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Difference between politicians and bureaucrats is important.

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The main difference between politicians and bureaucrats is that politicians worry about results and the bureaucrats worry about the process. Who do we want to take the leadership role?

For several years after the Conservatives were elected to govern, journalists and M Ps were going on about boys in short pants from the PMO were running the show, telling M Ps, Cabinet Ministers and Senators what to say and who to talk with. For Canadians it was extremely frustrating seeing our elected officials becoming bobble headed puppets spewing prepared talking points.

This was the most obvious example but the same was happening with Premiers and Mayors, across the country.

The result is distressing as governments grew, and with more and more bureaucrats specialized in more restricted areas, the bigger picture got lost. We end up with bubbles, the Ottawa bubble, the provincial capital bubbles, and the city hall bubbles. Most bureaucrats live near where they work, and politicians seldom do, living in ridings a fair distance away. Bureaucrats stay while politicians come and go.

Even in city halls, it often seen in how or where the elected officials are treated and situated in the building or in the hierarchy. Management is symbolically raised above the elected councillors, and nearer the centre of power. Chances are the councillors will be separated from the mayor by departments, floors or wings.

There is a separation between politicians and bureaucrats and a need to separate the governance from the operations and that is understandable. But it is when the governing officials are treated as less than equal, you create the systemic and chronic problems. It has been known, that Prime Ministers treat their M Ps with little respect, relying on bureaucrats in the PMO, Premiers treat MLAs in the same manner, and often times Mayors treat the councillors, so it appears we become govern by bureaucrats.

How do we accomplish anything? Who do we talk to with our personal issue or concern? You can seek out a high level bureaucrat or you can find an Advocate to raise the profile of the issue. Advocacy groups can be very effective, the Downtown Business Association is very effective and it has the extra bonus of having city hall located within it’s boundaries.

The Canadian Taxpayers Association, seems like a good start but they have a limited membership and a limited scope, basically not paying taxes, so they will not help the single tax payer in distress. They have a lot of money and influence, but are not really representative of the Canadian taxpayers. Like many advocacy groups they restrict themselves to certain issues.

Every bureaucrat and department has a drawer or file for issues or project to languish and be forgotten. That issue you discussed with your elected official, who supported your cause, probably went into that drawer or file, never to be seen again. The elected official, went on to the next person, and the cycle continues.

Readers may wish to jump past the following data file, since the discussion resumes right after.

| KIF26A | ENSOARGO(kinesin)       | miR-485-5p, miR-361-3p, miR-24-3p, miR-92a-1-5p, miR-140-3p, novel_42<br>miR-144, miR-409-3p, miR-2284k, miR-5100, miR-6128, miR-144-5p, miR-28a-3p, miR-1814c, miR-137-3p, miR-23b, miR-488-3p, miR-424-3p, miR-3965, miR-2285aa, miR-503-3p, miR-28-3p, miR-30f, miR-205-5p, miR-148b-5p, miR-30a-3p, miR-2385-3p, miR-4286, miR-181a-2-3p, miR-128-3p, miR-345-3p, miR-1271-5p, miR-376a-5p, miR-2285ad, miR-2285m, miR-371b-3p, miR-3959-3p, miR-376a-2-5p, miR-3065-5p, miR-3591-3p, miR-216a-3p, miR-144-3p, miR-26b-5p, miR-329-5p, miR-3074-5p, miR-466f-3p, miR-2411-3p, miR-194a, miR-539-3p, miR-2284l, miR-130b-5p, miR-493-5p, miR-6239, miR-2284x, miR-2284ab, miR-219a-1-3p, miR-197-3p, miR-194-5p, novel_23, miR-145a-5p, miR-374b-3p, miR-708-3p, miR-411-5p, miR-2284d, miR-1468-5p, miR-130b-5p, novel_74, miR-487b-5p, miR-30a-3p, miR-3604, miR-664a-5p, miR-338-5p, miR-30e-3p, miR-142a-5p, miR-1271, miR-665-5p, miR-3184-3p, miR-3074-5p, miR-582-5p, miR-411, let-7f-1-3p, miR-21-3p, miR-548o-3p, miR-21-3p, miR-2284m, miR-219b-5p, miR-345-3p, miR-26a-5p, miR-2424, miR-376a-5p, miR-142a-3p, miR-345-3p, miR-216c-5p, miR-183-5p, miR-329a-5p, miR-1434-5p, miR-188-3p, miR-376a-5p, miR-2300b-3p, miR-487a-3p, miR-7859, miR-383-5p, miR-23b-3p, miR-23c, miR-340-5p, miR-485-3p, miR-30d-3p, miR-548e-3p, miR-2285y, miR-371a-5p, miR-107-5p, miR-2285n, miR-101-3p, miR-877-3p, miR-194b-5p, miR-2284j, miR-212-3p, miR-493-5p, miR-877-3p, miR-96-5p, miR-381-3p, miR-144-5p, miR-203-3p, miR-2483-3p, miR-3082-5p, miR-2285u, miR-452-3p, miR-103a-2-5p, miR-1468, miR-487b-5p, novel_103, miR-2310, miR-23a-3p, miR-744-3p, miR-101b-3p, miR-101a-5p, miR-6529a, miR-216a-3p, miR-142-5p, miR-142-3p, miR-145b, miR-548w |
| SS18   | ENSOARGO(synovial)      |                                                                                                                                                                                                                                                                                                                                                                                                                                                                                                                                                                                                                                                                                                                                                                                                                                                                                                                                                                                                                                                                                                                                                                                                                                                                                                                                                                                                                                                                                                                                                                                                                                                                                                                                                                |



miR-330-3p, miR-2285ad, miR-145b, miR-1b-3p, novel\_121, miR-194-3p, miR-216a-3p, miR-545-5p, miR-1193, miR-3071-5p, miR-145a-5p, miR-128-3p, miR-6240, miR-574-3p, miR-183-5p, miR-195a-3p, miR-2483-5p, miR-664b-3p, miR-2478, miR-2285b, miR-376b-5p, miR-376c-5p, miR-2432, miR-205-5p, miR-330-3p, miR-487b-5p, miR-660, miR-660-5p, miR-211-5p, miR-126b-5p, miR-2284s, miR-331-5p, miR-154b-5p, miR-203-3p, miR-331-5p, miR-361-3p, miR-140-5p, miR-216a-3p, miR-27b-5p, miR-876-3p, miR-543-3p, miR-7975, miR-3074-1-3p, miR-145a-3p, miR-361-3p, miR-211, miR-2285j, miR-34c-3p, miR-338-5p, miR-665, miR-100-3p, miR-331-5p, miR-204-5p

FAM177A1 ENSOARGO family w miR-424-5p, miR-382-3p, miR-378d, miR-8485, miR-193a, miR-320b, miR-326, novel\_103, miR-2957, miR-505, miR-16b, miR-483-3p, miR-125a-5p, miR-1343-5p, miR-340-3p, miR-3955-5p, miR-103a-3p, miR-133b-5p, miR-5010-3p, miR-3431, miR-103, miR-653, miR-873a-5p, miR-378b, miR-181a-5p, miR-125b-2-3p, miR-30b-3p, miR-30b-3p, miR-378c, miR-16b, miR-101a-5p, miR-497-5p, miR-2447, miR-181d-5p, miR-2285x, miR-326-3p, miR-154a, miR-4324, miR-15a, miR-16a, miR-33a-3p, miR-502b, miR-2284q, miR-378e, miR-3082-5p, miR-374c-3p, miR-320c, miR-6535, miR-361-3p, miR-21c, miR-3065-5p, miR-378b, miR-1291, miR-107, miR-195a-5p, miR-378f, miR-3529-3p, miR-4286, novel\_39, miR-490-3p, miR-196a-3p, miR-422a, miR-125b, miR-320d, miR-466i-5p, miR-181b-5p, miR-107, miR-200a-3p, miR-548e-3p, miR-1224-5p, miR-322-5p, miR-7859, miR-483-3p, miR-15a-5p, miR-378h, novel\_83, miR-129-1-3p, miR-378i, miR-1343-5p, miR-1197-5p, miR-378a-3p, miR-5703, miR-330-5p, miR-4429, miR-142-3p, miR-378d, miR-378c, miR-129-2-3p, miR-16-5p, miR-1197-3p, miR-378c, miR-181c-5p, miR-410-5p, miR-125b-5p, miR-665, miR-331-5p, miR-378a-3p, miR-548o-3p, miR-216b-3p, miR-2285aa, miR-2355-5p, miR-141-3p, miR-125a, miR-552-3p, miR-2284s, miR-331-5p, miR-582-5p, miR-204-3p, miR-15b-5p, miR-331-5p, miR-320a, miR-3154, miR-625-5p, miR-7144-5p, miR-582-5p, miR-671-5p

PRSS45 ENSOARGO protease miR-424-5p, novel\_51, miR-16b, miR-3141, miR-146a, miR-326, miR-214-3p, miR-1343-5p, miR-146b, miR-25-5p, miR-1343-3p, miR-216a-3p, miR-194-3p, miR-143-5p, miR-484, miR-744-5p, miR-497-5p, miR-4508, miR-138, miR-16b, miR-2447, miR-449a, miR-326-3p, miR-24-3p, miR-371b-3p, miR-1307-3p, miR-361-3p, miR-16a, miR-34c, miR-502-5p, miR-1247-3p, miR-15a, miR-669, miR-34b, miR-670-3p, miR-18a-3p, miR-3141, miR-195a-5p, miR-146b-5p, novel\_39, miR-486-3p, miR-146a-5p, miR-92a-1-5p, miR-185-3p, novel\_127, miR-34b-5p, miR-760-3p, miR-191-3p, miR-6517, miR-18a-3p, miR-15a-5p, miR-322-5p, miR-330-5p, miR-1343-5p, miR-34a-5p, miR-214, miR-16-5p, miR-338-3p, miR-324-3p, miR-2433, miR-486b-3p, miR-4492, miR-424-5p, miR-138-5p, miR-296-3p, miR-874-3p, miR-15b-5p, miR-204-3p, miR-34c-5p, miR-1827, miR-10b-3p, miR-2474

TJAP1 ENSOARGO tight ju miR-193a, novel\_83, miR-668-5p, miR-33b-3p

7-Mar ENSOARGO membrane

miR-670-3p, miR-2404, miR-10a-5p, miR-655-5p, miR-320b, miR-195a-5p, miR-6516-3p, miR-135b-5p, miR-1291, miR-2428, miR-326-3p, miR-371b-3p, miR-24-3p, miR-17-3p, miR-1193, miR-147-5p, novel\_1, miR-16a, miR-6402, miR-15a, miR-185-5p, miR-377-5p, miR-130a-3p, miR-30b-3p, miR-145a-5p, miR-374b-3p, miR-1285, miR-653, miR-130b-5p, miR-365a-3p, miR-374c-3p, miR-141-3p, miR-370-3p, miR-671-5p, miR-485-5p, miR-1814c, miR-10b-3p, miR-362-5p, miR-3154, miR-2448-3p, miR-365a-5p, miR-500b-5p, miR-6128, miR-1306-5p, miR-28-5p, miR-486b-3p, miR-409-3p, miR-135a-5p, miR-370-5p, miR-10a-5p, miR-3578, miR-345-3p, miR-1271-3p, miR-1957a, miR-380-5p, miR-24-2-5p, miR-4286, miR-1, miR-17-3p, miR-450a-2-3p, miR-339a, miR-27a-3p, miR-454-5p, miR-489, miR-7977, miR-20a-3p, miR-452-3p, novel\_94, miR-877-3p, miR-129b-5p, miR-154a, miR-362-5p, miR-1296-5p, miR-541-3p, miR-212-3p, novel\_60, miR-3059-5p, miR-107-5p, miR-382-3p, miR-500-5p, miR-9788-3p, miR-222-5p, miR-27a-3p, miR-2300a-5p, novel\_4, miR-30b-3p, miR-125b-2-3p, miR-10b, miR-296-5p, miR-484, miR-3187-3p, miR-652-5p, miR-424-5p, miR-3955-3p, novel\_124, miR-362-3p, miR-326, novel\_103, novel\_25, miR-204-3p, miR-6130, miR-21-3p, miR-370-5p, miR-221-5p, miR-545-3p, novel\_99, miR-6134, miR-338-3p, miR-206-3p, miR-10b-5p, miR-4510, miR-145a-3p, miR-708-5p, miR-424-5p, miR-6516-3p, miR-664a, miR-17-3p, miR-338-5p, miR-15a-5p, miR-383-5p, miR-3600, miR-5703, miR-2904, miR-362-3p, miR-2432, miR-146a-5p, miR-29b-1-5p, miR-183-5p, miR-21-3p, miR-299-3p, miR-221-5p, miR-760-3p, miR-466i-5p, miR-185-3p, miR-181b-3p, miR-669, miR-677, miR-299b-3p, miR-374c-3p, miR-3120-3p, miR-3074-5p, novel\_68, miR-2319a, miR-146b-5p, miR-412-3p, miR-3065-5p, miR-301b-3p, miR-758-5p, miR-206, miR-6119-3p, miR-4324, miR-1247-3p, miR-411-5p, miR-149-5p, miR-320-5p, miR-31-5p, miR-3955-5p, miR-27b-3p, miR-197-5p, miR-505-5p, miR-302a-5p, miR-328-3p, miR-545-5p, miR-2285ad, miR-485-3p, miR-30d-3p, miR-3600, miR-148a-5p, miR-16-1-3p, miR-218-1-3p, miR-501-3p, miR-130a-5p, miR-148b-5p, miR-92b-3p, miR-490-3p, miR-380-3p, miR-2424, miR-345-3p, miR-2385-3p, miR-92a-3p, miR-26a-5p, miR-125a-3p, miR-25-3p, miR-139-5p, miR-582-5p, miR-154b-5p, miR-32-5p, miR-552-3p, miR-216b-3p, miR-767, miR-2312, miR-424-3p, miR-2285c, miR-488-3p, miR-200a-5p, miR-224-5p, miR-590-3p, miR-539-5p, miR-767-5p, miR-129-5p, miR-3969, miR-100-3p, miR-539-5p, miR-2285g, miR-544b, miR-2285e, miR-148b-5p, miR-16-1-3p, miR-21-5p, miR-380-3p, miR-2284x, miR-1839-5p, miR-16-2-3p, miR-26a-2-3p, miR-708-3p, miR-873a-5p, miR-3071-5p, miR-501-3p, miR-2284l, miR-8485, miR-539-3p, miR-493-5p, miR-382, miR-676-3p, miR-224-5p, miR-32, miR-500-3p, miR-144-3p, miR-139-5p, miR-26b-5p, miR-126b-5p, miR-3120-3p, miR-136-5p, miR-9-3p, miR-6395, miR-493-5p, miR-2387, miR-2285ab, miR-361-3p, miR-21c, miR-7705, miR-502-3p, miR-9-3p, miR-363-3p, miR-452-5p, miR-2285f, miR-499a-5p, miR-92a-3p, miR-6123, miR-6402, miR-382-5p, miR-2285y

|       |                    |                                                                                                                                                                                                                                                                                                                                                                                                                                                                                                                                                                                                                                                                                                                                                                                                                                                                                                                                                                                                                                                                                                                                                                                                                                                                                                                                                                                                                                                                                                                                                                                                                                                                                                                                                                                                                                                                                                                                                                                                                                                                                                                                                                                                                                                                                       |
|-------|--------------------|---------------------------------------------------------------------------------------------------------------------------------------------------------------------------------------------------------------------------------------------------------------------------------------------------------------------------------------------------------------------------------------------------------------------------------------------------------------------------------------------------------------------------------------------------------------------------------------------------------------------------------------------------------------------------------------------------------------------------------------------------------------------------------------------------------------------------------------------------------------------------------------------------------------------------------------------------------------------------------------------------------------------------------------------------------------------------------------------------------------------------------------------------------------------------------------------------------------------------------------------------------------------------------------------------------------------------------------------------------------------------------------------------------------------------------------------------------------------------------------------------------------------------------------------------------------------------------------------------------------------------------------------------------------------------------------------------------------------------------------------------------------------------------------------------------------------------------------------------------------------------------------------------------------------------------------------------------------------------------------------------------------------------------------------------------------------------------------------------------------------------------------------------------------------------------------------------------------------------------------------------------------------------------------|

Individually, we are shackled to a system, created and nurtured by bureaucrats, and we hope will be changed, altered and improved after every election. It seldom changes. Listen to or watch the Prime Minister, Premiers or Mayors after an issue arises, and where they turn to for advice? Seldom an elected official but their closest bureaucrat, which will be brought forward to the elected officials, usually as a fait d’accompli. Except in some minority governments, where they have to earn support.

So, if the bureaucrats, run the show, why do we bother with the time and costs of having elections? Why not just elect a Mayor, a Premier and a Prime Minister? The Mayors could meet chaired by the Premier, then the Premiers could meet and be chaired by the Prime Minister. It would be cheaper, but it would destroy an illusion of democratic equality.

Perhaps, our politicians could remember why they are there, demand equality and not accept being dismissed by other political offices and bureaucrats, and take over leadership roles. Then this letter would not be needed, but unfortunately, it is needed now. I think the result is the more important and the process is there to achieve the needed result. That I think has been forgotten.

Politicians, please remember why you were elected? It was to lead, not to get lost in the process. Can you do that, because we need you to? Burst those bubbles and represent your constituents, the process will adapt, if you do. Thank you.

 

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Alberta

The Canadian Northern Railway’s legacy at Big Valley, Alberta.

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By Shawn I. Smith, Canadian Northern Society

“The newly constructed train station circa 1913, Big Valley. Photo- Canadian Northern Society Archives

 

It’s a Saturday afternoon in June in the quiet Village of Big Valley. Visitors admire the splendid heritage railway depot and gardens at the end of main street. Two blocks south is a historic grain elevator – a classic Canadian symbol standing tall above the prairie landscape. To the east across the tracks are large stark concrete walls, visibly reminiscent of Stonehenge. “What are those curious walls?” is often asked. Then the sound of a locomotive whistle breaks the silence, creating a scene out of the 1950’s when a vintage passenger train pulls into town, and the train crew scurries about on the platform unloading its cheerful patrons.